This illustration by José Roy is a frontispiece created for a rare edition of Les Chants de Maldoror published by Genonceaux in 1890. Roy (1860–1924) was a French artist whose work receives little attention today but his Maldoror illustration happens to be the first of its kind, and a picture that serves the text better than some of those being produced a few years later. The detail of a flayed man stepping out of his skin prefigures Clive Barker by almost a century, a further example of the ways in which Lautréamont’s baleful masterpiece was ahead of his time.
Netherlands, 1917. Cover art by WF Gouwe.
Previous posts here have concerned illustrated editions of Maldoror but this one is all about the covers. Literary classics aren’t always very rewarding in this respect but Maldoror’s textual and imaginative wildness has prompted an assortment of illustrative choices that range from the appropriate to the bewilderingly arbitrary. The following covers are a selection of the more notable examples, avoiding those without pictures or ones that use photographs of the book’s enigmatic author, Isidore Ducasse.
Italy, 1944. Cover art by Mario De Luigi.
France, 1947. Cover and interior illustrations by Jacques Houplain.
Salvador Dalí was the first well-known artist to illustrate Maldoror but his 1934 edition was published with plain black boards. Houplain’s illustrations follow the text more closely than do those by Dalí, Magritte or Bellmer, all of whom remain preoccupied with their own obsessions.
Belgium, 1948. Cover and interior illustrations by René Magritte.
France, 1963. Cover art by Paul Jamotte.
Continue reading “Covering Maldoror”
Seen briefly in yesterday’s film about René Magritte were some of the artist’s 77 illustrations created for a 1948 edition of Lautréamont’s Les Chants de Maldoror published by Éditions “La Boetie”, Brussels. The examples here are from various auction sites, and they can’t be counted among Magritte’s best work which probably explains why they’re not reproduced very often. Salvador Dalí’s set of engravings for a 1934 edition were appended last year to a new English translation by RJ Dent for Solar Books. And from French publisher La Baconniere there’s this recent edition with a set of fresh illustrations by TagliaMani (also here).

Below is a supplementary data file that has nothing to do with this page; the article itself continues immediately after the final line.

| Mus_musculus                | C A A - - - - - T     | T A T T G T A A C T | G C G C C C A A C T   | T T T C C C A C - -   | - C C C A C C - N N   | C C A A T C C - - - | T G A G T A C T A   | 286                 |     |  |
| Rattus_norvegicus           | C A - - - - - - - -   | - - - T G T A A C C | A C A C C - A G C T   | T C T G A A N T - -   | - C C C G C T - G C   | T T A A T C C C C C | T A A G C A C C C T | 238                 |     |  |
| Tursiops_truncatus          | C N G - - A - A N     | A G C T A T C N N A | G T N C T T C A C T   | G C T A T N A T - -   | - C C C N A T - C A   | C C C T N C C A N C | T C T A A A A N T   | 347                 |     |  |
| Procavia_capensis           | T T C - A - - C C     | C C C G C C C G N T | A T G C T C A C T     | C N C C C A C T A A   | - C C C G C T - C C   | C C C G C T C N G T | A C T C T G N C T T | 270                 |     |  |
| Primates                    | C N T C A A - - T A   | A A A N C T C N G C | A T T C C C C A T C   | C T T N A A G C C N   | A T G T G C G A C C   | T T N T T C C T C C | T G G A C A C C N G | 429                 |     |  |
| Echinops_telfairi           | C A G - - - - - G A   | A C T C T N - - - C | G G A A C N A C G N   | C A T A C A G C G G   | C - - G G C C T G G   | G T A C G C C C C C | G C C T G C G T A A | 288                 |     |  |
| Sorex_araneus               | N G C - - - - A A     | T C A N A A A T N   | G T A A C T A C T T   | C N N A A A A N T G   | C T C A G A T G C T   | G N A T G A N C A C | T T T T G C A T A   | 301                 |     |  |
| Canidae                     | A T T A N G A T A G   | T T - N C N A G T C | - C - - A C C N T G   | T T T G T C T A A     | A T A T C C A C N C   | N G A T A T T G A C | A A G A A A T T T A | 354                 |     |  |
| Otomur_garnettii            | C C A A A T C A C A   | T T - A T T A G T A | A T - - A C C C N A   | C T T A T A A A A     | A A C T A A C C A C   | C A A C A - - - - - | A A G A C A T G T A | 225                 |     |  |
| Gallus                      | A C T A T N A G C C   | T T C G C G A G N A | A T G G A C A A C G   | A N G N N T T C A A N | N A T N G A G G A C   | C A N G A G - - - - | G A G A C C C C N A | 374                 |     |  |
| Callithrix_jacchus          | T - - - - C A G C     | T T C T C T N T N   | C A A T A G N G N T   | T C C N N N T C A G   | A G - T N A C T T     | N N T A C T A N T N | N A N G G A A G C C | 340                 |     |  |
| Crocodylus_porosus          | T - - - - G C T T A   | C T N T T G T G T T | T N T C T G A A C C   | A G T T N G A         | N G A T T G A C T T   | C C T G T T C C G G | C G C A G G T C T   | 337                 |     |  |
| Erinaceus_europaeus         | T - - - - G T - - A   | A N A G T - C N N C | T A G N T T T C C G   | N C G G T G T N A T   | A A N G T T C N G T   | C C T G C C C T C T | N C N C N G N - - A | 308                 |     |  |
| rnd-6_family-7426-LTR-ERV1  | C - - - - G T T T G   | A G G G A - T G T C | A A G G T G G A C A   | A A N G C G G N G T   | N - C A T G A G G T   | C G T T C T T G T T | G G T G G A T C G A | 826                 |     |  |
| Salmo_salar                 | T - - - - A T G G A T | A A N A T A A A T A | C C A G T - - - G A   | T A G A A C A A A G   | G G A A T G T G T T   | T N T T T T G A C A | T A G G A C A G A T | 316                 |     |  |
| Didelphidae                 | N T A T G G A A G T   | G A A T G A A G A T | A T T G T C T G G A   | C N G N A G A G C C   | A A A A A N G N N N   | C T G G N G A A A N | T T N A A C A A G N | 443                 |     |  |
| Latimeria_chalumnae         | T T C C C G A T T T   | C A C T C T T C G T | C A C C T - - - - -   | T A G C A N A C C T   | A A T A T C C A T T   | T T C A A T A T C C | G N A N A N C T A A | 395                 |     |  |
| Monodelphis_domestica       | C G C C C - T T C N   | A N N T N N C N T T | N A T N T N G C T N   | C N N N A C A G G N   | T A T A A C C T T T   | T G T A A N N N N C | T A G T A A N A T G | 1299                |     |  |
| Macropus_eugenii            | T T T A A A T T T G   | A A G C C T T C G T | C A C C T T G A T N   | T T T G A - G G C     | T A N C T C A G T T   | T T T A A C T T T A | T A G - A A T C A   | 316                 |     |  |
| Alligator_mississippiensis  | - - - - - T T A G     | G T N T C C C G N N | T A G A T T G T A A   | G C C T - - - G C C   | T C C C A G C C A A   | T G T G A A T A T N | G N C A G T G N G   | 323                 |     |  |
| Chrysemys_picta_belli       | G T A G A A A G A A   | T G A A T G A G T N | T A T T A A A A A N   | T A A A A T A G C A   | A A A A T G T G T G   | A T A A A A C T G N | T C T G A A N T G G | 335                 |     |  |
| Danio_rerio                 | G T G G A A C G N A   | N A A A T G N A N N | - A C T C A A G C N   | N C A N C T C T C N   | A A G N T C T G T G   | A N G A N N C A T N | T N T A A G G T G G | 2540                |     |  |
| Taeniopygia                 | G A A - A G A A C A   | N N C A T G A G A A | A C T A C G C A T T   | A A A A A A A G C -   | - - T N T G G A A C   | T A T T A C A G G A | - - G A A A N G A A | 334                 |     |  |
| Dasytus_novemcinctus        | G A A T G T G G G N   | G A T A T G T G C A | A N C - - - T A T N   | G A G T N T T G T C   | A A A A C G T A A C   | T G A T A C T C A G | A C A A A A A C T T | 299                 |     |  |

Continue reading “Magritte’s Maldoror”
Black Cat on a Chair (1850–1860) by Andrew L Von Wittkamp.
• “A little bit of acid, lots of weed, and too much Castaneda and I was ready to move from the magical realm of Middle Earth into a world that was much stranger than any involving hairy dwarves and white wizards…” Too Much to Dream by Peter Bebergal, “a psychedelic American boyhood”.
This year’s Booker prize isn’t about the power of the new – there’s no experiment with form or strangeness of imagination. The winner may get on the bedside tables of middle England, but that’s not as important as changing the way that even one person dreams.
Jeanette Winterson throws the cat among the pigeons.
• 50 Watts continues to show us things you’d be hard-pressed to find elsewhere: illustrations by TagliaMani from a new edition of Les Chants de Maldoror, and War Is a Verb, collages by Allan Kausch.
• Don’t go in the swimming pool! Coilhouse directs us to Fantasy: music by French outfit DyE with a weird and nasty animation by Jérémie Périn.
• Ace album cover designer and photographic Surrealist Storm Thorgerson is having another exhibition at IG Gallery, London.
• The Art of Leo and Diane Dillon, an art and illustration archive.
• John Turturro reads a short story by Italo Calvino.
• Spaceport America by Foster + Partners.
• Your Body of Work by Olafur Eliasson.
• Wonder-Cat cures all ailments.
• Blogging Moby-Dick.
• Krazy Kat (1927) by Frankie Trumbauer & His Orchestra with Bix and Lang | Pussy Cat Dues (1959) by Charles Mingus | Katzenmusik 5 (1979) by Michael Rother | Big Electric Cat (1982) by Adrian Belew | Purrfect (1996) by Funki Porcini.